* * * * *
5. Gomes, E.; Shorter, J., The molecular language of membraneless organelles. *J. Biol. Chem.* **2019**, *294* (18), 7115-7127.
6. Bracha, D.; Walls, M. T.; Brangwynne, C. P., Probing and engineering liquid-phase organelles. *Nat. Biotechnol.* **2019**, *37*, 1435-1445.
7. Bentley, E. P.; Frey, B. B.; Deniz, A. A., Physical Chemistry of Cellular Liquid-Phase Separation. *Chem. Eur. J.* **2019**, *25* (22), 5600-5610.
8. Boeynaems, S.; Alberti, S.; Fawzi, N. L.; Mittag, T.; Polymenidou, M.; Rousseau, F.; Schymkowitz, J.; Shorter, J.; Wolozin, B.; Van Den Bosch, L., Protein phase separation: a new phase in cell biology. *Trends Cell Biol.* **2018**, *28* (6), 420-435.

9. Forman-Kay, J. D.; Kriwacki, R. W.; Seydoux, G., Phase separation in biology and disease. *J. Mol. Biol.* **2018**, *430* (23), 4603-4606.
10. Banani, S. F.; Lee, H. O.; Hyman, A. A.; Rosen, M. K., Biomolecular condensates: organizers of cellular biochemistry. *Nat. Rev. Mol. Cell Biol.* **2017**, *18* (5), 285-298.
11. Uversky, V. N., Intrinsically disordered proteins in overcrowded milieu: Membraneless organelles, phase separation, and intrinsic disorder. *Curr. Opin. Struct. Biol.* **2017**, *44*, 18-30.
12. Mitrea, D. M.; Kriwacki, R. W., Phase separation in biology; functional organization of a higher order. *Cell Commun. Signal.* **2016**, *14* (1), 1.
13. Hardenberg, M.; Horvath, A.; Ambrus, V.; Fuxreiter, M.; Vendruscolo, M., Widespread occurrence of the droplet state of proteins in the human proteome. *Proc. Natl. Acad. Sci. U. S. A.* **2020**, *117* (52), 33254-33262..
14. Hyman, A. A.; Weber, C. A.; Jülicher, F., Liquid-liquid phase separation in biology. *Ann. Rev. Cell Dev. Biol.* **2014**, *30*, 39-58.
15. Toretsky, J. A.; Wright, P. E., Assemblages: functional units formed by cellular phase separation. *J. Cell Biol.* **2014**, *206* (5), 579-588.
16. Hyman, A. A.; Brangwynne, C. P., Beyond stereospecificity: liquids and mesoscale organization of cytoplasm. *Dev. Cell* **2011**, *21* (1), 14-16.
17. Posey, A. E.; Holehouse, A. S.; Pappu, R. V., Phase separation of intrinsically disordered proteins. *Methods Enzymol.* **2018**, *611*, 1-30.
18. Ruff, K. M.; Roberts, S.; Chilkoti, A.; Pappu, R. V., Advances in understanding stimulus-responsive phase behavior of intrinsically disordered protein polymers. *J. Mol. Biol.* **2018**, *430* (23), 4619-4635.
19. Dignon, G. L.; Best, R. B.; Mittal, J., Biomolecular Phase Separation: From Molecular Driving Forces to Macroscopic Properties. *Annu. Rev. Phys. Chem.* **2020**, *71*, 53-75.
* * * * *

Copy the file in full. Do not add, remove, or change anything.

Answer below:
5. Gomes, E.; Shorter, J., The molecular language of membraneless organelles. *J. Biol. Chem.* **2019**, *294* (18), 7115-7127.
6. Bracha, D.; Walls, M. T.; Brangwynne, C. P., Probing and engineering liquid-phase organelles. *Nat. Biotechnol.* **2019**, *37*, 1435-1445.
7. Bentley, E. P.; Frey, B. B.; Deniz, A. A., Physical Chemistry of Cellular Liquid-Phase Separation. *Chem. Eur. J.* **2019**, *25* (22), 5600-5610.
8. Boeynaems, S.; Alberti, S.; Fawzi, N. L.; Mittag, T.; Polymenidou, M.; Rousseau, F.; Schymkowitz, J.; Shorter, J.; Wolozin, B.; Van Den Bosch, L., Protein phase separation: a new phase in cell biology. *Trends Cell Biol.* **2018**, *28* (6), 420-435.

9. Forman-Kay, J. D.; Kriwacki, R. W.; Seydoux, G., Phase separation in biology and disease. *J. Mol. Biol.* **2018**, *430* (23), 4603-4606.
10. Banani, S. F.; Lee, H. O.; Hyman, A. A.; Rosen, M. K., Biomolecular condensates: organizers of cellular biochemistry. *Nat. Rev. Mol. Cell Biol.* **2017**, *18* (5), 285-298.
11. Uversky, V. N., Intrinsically disordered proteins in overcrowded milieu: Membraneless organelles, phase separation, and intrinsic disorder. *Curr. Opin. Struct. Biol.* **2017**, *44*, 18-30.
12. Mitrea, D. M.; Kriwacki, R. W., Phase separation in biology; functional organization of a higher order. *Cell Commun. Signal.* **2016**, *14* (1), 1.
13. Hardenberg, M.; Horvath, A.; Ambrus, V.; Fuxreiter, M.; Vendruscolo, M., Widespread occurrence of the droplet state of proteins in the human proteome. *Proc. Natl. Acad. Sci. U. S. A.* **2020**, *117* (52), 33254-33262..
14. Hyman, A. A.; Weber, C. A.; Jülicher, F., Liquid-liquid phase separation in biology. *Ann. Rev. Cell Dev. Biol.* **2014**, *30*, 39-58.
15. Toretsky, J. A.; Wright, P. E., Assemblages: functional units formed by cellular phase separation. *J. Cell Biol.* **2014**, *206* (5), 579-588.
16. Hyman, A. A.; Brangwynne, C. P., Beyond stereospecificity: liquids and mesoscale organization of cytoplasm. *Dev. Cell* **2011**, *21* (1), 14-16.
17. Posey, A. E.; Holehouse, A. S.; Pappu, R. V., Phase separation of intrinsically disordered proteins. *Methods Enzymol.* **2018**, *611*, 1-30.
18. Ruff, K. M.; Roberts, S.; Chilkoti, A.; Pappu, R. V., Advances in understanding stimulus-responsive phase behavior of intrinsically disordered protein polymers. *J. Mol. Biol.* **2018**, *430* (23), 4619-4635.
19. Dignon, G. L.; Best, R. B.; Mittal, J., Biomolecular Phase Separation: From Molecular Driving Forces to Macroscopic Properties. *Annu. Rev. Phys. Chem.* **2020**, *71*, 53-75.